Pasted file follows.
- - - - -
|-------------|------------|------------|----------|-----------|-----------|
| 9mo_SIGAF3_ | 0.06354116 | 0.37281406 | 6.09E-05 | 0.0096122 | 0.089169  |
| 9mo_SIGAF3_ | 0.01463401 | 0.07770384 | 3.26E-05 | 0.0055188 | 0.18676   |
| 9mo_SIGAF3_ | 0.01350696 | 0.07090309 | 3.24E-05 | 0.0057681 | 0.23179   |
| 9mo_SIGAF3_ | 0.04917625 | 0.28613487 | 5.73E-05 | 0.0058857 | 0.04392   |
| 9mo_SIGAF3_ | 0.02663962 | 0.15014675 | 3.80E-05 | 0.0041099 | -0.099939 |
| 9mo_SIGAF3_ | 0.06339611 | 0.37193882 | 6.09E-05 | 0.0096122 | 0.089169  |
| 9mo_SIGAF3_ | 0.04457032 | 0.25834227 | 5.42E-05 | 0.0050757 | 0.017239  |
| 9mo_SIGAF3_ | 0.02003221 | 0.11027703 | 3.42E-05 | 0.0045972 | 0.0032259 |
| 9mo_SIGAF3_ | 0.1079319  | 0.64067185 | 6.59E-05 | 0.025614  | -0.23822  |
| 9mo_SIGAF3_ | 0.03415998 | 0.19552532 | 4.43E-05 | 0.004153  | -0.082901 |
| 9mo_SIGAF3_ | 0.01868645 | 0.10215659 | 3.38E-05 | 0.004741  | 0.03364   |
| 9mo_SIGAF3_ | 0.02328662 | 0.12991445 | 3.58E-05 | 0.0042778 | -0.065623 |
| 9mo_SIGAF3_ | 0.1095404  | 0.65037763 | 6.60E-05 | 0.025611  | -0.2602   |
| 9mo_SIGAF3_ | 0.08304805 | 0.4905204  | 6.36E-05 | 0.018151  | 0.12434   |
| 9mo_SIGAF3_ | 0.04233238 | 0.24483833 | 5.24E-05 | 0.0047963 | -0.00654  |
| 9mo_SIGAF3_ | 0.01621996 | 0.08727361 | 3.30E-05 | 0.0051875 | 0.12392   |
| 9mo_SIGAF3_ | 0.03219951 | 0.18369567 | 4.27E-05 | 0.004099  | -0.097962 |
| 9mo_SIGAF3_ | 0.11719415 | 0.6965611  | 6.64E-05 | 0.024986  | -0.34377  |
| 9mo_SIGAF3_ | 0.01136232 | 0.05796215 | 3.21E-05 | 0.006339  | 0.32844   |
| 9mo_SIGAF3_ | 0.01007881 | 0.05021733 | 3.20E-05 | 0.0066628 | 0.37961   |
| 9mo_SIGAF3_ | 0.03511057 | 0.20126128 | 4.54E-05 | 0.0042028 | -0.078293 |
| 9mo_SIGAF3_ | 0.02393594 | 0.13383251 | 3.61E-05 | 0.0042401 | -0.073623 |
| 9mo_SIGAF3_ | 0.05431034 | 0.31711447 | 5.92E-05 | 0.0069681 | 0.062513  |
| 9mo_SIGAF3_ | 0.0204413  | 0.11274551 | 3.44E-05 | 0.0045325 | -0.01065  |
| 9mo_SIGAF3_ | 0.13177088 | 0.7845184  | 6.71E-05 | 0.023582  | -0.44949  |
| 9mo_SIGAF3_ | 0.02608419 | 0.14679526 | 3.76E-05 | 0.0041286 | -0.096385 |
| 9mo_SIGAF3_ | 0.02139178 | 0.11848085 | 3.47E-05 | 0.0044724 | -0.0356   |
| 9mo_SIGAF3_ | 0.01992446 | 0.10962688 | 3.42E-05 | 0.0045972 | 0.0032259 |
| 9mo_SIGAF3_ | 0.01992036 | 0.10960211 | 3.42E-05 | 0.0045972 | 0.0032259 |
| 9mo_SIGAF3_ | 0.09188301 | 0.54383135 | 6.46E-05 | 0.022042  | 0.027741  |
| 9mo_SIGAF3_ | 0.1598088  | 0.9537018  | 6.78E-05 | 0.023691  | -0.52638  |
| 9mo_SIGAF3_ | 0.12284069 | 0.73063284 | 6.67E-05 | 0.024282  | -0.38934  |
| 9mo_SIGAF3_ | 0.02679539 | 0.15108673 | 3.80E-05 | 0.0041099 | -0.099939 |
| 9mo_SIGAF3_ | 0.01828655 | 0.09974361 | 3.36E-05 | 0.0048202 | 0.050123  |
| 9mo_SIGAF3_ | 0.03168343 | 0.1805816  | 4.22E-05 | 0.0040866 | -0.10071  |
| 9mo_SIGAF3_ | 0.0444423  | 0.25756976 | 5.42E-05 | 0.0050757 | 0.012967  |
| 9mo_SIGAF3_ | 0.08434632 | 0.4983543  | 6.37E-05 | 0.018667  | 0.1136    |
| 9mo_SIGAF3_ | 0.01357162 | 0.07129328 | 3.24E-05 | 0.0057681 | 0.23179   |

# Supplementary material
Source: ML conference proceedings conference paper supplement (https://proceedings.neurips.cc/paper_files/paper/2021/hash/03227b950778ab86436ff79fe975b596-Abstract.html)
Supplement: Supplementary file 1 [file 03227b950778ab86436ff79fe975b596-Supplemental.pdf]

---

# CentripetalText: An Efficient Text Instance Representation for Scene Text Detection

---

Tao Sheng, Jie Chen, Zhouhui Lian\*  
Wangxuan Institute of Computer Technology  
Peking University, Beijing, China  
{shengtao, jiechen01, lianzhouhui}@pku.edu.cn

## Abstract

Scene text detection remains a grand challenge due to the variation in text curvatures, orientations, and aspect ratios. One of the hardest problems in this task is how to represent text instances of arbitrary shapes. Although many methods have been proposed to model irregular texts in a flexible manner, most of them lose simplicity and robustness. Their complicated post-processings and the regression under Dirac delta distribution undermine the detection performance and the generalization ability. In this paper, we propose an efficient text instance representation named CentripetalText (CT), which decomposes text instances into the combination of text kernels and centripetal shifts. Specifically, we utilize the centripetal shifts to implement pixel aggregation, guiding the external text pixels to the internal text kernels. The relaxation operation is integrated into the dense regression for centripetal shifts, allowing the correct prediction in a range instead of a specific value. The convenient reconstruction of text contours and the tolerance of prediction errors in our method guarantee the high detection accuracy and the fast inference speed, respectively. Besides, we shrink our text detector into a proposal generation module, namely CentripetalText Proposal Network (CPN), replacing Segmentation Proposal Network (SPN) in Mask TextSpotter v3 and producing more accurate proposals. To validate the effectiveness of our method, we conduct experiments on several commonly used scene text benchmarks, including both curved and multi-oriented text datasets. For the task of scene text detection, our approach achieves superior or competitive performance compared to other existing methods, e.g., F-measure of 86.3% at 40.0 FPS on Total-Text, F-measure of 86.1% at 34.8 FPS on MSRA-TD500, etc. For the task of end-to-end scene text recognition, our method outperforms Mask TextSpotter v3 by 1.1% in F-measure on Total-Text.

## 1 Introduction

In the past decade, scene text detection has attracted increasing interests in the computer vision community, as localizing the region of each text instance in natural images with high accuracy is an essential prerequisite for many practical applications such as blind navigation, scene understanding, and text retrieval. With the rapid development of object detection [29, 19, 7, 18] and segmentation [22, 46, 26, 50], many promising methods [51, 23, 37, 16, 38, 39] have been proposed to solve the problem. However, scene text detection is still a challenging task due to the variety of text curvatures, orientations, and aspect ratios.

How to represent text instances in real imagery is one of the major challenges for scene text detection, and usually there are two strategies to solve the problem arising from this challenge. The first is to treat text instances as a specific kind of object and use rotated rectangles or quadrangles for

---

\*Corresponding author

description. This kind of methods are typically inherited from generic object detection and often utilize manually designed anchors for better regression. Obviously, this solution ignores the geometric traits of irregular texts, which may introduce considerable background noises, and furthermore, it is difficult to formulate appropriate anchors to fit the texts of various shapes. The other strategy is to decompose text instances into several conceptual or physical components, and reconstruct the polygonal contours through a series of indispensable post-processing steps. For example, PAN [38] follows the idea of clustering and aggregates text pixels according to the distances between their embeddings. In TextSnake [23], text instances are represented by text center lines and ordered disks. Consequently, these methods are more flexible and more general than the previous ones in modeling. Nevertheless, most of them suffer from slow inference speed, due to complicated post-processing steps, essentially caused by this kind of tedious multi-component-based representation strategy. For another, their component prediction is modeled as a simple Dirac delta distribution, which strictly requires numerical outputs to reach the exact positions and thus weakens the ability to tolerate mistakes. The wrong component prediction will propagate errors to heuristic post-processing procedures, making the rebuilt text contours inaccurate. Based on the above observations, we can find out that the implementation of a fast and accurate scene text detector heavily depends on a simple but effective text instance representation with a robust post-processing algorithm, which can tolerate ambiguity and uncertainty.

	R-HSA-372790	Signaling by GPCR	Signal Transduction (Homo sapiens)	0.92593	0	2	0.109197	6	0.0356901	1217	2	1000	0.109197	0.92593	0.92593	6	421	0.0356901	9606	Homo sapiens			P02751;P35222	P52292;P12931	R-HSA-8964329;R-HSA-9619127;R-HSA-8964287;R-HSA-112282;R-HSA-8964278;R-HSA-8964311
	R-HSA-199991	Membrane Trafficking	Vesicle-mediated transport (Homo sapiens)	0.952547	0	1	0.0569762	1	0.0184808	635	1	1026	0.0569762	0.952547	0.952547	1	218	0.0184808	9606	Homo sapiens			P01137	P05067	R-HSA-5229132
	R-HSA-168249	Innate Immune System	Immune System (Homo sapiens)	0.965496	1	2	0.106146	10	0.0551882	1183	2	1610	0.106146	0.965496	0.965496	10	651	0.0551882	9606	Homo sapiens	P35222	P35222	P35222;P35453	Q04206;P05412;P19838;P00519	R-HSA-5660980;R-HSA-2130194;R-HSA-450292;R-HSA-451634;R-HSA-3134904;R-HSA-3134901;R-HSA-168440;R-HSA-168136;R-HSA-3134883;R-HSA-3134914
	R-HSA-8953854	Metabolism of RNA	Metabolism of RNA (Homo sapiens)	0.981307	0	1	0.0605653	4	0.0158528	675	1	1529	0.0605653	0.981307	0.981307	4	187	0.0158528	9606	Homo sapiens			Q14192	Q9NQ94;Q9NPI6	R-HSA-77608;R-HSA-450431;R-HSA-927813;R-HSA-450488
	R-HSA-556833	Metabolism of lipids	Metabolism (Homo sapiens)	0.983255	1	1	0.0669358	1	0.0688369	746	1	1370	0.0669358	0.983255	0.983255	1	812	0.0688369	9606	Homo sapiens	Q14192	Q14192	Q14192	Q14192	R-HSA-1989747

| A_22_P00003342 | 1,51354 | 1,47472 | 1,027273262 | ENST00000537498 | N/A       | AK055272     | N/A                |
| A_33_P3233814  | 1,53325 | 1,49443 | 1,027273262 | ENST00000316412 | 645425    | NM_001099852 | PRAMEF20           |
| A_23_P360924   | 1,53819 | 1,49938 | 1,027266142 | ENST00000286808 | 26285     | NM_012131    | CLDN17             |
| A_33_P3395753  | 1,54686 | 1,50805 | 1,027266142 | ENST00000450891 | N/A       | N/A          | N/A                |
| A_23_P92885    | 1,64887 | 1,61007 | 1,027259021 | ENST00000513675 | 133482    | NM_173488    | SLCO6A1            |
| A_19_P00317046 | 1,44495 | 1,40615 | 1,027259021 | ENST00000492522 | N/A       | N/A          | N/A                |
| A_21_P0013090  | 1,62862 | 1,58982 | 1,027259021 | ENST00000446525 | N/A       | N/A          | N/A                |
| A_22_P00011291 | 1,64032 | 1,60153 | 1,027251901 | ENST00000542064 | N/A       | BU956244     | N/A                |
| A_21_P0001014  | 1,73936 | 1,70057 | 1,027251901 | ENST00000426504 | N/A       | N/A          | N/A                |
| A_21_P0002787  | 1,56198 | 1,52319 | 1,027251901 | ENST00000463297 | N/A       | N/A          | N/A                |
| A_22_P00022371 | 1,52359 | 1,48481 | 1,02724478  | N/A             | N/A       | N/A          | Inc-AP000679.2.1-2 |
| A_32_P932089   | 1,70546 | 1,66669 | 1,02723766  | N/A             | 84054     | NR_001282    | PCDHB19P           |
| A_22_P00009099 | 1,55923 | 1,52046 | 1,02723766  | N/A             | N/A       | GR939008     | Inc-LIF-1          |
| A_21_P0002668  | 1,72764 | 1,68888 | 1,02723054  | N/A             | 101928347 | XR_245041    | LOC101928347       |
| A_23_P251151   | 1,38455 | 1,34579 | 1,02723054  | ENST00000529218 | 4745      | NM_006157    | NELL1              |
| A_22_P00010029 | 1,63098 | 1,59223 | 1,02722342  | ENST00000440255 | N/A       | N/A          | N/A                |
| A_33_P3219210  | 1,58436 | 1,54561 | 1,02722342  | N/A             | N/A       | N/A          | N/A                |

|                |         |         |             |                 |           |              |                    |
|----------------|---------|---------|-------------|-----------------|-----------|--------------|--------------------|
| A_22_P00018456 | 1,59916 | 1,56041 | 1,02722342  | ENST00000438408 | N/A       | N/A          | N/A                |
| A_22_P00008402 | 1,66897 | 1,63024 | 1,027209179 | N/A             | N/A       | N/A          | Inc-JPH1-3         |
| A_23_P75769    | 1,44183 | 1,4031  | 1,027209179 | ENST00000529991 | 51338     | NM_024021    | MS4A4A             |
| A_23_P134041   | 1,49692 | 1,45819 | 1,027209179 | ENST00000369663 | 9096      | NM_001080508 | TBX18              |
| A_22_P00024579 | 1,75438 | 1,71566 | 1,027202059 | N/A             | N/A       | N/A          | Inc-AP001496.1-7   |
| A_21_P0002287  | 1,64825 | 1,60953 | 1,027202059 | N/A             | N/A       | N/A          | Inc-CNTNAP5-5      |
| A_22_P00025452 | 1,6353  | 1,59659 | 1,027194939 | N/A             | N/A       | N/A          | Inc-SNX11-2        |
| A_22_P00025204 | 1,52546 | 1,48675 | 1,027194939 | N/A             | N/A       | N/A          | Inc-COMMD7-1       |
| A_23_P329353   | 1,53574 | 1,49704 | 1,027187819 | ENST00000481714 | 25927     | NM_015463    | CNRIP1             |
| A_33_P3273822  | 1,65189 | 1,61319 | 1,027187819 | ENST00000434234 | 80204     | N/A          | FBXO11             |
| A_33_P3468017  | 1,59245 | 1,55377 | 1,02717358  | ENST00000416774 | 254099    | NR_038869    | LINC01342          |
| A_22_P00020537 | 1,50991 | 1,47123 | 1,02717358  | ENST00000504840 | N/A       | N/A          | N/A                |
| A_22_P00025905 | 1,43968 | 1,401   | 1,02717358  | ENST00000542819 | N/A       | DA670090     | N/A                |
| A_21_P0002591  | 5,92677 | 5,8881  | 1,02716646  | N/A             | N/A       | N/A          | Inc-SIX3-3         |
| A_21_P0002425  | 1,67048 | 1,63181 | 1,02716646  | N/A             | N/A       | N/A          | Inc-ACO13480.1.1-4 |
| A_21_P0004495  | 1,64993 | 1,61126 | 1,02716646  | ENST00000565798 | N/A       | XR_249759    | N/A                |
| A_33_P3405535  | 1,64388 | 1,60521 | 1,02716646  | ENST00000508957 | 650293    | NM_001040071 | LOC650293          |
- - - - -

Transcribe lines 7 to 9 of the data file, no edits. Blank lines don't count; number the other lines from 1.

| 9mo_SIGAF3_ | 0.06339611 | 0.37193882 | 6.09E-05 | 0.0096122 | 0.089169  |
| 9mo_SIGAF3_ | 0.04457032 | 0.25834227 | 5.42E-05 | 0.0050757 | 0.017239  |
| 9mo_SIGAF3_ | 0.02003221 | 0.11027703 | 3.42E-05 | 0.0045972 | 0.0032259 |